We recently added custom fields to Highrise (below) which allow you to keep track of extra details beyond standard contact information like phone, email, address, etc.

After the launch, we had a “looking back” conversation to see what lessons could be learned from the process. Three of our findings:

1. Add to an existing design before trying a new one.

When you begin work on a new feature, try to add it within the context of the existing design, evaluate it, and then make a decision about how to proceed based on that experience. That way, you quickly get a good sense of what works in the existing design and what doesn’t. You might even discover that the new feature fits into the existing design without any further work required. (Huzzah!)

We started with a different approach when we tackled the custom fields project. We began with a completely new design for the contact edit page and pursued that design (below) for most of the project.

In the end, we decided to discard this design because it wasn’t the right solution and it introduced a bunch of new problems. It took us a long time to make that decision because there was a lot of work involved in developing the new design. And most of that work was not giving us good feedback about the nature of the problem we were trying to solve.

When we reset, we discovered that some of our assumptions about custom fields were wrong. For example we assumed that shoehorning custom data into the contact page sidebar (right) would make the page too cluttered and inconvenient for people. But we failed to actually try it out to confirm this assumption. When we finally did try it, we discovered it wasn’t bad at all.

2. Resist the urge to make something special out of something boring.

Custom fields aren’t the sexiest feature we could have worked on. Plus, we were building them based on customer requests instead of our own internal needs. Because of that, we mistakingly tried to make the project more interesting with indirectly-related work, like a redesign of the contact pages, streamlined contact dates, bigger avatars, and fancier ways to save data. None of these things were required for us to launch custom fields, but we were tempted to tackle them because they were more fun.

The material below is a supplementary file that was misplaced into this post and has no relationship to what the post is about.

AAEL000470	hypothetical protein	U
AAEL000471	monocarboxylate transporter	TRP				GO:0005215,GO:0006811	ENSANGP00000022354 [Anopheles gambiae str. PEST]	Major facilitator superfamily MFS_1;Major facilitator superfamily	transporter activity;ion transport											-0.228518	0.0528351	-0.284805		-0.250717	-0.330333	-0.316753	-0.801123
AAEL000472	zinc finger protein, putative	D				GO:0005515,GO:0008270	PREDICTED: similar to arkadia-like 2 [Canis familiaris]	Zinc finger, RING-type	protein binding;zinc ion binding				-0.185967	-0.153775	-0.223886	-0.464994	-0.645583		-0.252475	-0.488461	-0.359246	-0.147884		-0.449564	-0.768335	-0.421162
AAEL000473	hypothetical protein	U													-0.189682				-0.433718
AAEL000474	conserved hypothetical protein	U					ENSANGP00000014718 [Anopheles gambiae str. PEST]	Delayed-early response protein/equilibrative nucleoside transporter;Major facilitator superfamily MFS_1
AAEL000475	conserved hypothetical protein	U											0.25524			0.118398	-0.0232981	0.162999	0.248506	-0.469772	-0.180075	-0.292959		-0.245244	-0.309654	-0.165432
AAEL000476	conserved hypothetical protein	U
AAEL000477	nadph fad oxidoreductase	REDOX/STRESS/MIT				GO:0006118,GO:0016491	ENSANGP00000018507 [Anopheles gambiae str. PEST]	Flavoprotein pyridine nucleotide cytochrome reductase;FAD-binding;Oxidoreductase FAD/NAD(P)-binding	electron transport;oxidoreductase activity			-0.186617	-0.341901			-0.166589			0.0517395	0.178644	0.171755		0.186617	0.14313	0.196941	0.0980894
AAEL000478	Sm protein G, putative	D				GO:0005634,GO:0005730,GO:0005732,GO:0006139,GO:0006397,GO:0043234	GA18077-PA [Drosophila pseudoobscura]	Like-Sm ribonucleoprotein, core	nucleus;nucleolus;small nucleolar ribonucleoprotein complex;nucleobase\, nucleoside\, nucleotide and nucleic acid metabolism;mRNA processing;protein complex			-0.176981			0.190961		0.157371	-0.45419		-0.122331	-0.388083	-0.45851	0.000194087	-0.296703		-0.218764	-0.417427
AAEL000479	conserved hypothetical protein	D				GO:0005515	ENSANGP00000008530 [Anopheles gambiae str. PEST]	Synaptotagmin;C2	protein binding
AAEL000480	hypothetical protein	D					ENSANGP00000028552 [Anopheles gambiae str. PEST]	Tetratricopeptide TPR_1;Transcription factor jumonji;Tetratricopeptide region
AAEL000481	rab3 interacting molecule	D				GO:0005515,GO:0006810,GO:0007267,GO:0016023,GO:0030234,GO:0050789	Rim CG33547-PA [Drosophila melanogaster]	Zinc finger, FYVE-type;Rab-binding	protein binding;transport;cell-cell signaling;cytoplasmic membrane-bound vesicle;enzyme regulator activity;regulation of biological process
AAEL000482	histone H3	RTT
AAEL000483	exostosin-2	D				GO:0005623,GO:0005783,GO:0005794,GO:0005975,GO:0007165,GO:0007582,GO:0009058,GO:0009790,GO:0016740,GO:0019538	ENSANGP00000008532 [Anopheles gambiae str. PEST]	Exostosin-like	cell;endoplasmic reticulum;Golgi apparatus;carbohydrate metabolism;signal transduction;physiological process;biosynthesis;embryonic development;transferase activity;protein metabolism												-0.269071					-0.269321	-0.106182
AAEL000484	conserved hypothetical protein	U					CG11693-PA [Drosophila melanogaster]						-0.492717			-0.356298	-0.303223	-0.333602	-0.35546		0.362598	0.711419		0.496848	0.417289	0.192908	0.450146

Adopting all those extra concerns obscured the reality that custom fields could actually be a very tiny project. When we finally threw out all the extras, the feature seemed embarrassingly simple. Nonetheless, our customers love it. The lesson here is the tiniest version can be good enough.

3. Storyboard complex interactions instead of building them immediately.

We tried to build out the redesigned edit page so that every interaction could be demonstrated for real and then evaluated. Since there was a lot of complex interaction on the page, most of the work involved in this process was Javascript programming which took a long time to complete. And programming the interface early made it difficult to change the design as we learned more about the problem.

Creating a storyboard of all the states is a more efficient approach for developing pages with complex interactions. It takes much less time to generate storyboards and they are easy to share and discuss with everyone. We used this approach when we worked on bulk operations and it worked well. Everyone was able to see the design early and understand how it should work. From there it was much simpler to divide up the work and build the feature quickly.

Our storyboard for all the screens for the Highrise Bulk Operations project. Storyboards like this illustrate the complete flow so everyone’s on the same page.